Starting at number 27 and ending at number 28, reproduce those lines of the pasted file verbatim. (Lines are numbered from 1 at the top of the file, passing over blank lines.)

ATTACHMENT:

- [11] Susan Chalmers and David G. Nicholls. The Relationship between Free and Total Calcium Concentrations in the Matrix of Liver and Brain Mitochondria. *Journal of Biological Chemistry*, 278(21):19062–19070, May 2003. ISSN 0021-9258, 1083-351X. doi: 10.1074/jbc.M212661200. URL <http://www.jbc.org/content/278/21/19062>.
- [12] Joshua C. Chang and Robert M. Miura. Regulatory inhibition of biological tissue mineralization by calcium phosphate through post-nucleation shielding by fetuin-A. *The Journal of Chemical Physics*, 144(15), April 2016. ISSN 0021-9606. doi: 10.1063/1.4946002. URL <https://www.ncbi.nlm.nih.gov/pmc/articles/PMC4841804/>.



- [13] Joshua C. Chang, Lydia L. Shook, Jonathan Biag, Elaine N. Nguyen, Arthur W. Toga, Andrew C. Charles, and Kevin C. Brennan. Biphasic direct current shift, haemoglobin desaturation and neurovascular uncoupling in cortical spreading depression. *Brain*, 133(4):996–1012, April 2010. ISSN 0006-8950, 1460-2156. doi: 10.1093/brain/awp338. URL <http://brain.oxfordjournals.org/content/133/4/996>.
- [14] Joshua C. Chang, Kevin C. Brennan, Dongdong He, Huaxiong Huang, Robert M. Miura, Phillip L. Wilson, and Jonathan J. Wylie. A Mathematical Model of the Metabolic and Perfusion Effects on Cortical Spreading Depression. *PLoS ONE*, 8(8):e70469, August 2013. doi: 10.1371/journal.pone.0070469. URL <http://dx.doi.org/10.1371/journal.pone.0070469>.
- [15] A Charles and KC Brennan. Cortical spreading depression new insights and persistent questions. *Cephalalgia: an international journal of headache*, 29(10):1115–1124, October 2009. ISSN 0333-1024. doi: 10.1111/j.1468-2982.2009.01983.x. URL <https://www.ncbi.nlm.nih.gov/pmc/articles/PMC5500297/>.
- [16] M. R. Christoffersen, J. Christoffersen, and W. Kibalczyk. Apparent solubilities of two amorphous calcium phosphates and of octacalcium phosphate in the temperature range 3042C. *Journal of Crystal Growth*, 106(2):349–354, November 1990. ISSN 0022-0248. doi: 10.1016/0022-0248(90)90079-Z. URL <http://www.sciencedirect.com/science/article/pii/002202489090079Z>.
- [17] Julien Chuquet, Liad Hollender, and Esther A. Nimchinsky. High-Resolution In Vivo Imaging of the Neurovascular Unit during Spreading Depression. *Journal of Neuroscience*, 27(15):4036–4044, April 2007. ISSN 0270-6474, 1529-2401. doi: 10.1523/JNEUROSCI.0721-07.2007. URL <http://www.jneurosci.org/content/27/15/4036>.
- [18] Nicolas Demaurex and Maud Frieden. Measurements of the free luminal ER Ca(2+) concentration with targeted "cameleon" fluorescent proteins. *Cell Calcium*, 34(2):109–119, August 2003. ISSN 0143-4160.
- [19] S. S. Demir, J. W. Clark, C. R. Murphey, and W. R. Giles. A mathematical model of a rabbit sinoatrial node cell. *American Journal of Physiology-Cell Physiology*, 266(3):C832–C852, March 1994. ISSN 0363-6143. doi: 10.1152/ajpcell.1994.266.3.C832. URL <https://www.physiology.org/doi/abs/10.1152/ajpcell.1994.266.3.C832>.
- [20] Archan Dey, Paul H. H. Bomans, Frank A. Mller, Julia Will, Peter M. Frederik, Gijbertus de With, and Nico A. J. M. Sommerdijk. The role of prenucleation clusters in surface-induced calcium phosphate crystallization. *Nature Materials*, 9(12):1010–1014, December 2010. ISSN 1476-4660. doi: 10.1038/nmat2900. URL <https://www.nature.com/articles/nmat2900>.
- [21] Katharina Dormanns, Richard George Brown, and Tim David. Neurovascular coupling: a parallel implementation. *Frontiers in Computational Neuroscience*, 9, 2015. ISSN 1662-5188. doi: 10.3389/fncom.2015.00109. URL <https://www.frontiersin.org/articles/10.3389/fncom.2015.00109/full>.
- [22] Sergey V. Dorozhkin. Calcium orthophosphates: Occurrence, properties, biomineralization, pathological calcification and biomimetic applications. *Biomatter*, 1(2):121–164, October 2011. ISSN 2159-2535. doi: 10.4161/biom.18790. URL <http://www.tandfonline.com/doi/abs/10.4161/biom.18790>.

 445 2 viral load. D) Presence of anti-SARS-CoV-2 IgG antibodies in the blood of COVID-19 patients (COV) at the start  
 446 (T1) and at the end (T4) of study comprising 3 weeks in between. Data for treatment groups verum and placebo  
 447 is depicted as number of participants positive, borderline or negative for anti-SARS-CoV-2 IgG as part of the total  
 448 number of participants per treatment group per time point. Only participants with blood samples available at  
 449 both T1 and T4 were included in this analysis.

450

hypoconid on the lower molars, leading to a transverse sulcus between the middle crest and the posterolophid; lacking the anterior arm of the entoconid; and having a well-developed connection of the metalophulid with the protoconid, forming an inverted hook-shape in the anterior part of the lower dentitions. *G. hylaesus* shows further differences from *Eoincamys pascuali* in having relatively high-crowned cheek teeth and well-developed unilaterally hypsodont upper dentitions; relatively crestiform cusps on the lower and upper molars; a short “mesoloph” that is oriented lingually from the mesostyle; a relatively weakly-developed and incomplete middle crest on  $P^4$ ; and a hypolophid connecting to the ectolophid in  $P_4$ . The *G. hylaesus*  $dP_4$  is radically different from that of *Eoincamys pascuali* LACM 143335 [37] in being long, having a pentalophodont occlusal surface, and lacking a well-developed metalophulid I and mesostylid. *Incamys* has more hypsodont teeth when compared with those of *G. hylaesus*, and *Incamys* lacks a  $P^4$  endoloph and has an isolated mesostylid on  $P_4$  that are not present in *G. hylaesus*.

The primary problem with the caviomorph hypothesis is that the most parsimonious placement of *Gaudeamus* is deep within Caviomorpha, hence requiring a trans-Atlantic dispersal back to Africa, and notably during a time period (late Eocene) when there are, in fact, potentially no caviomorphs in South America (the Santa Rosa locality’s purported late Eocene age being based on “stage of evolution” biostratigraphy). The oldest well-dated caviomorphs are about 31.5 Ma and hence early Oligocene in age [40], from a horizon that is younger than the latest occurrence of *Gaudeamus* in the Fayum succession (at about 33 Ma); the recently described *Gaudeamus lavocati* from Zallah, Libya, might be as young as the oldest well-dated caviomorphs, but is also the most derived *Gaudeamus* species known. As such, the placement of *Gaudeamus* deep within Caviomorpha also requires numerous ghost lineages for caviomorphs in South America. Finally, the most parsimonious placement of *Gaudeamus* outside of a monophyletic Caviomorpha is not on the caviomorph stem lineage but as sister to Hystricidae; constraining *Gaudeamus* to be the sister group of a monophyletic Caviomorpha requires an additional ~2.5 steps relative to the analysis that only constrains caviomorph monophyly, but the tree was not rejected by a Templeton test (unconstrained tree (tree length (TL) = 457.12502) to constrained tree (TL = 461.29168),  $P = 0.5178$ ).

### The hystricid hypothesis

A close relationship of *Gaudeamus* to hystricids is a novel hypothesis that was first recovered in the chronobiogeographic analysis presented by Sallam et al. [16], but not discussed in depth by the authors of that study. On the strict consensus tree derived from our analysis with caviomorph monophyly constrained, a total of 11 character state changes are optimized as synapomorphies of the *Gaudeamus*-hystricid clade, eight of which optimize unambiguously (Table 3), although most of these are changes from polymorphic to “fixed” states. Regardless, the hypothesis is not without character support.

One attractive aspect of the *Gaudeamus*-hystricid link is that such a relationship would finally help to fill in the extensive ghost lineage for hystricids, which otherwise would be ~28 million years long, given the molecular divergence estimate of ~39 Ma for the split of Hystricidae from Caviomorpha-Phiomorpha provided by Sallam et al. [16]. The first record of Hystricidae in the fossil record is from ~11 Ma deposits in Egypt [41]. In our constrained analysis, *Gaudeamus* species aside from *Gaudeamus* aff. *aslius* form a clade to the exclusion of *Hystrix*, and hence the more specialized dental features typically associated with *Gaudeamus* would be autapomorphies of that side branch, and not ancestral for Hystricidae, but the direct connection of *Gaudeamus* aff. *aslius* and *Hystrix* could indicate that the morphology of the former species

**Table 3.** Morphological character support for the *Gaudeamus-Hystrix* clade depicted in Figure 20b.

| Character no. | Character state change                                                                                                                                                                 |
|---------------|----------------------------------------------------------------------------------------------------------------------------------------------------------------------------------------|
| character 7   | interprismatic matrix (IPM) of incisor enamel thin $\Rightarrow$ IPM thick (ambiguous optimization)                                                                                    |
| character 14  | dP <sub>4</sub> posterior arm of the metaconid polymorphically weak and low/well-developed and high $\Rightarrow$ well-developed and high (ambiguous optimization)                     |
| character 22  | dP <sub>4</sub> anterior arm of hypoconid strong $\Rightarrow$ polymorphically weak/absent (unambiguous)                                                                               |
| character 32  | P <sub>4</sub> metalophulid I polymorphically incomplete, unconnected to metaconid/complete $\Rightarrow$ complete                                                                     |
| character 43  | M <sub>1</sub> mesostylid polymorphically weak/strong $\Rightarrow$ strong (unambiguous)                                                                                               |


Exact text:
| character 7   | interprismatic matrix (IPM) of incisor enamel thin $\Rightarrow$ IPM thick (ambiguous optimization)                                                                                    |
| character 14  | dP <sub>4</sub> posterior arm of the metaconid polymorphically weak and low/well-developed and high $\Rightarrow$ well-developed and high (ambiguous optimization)                     |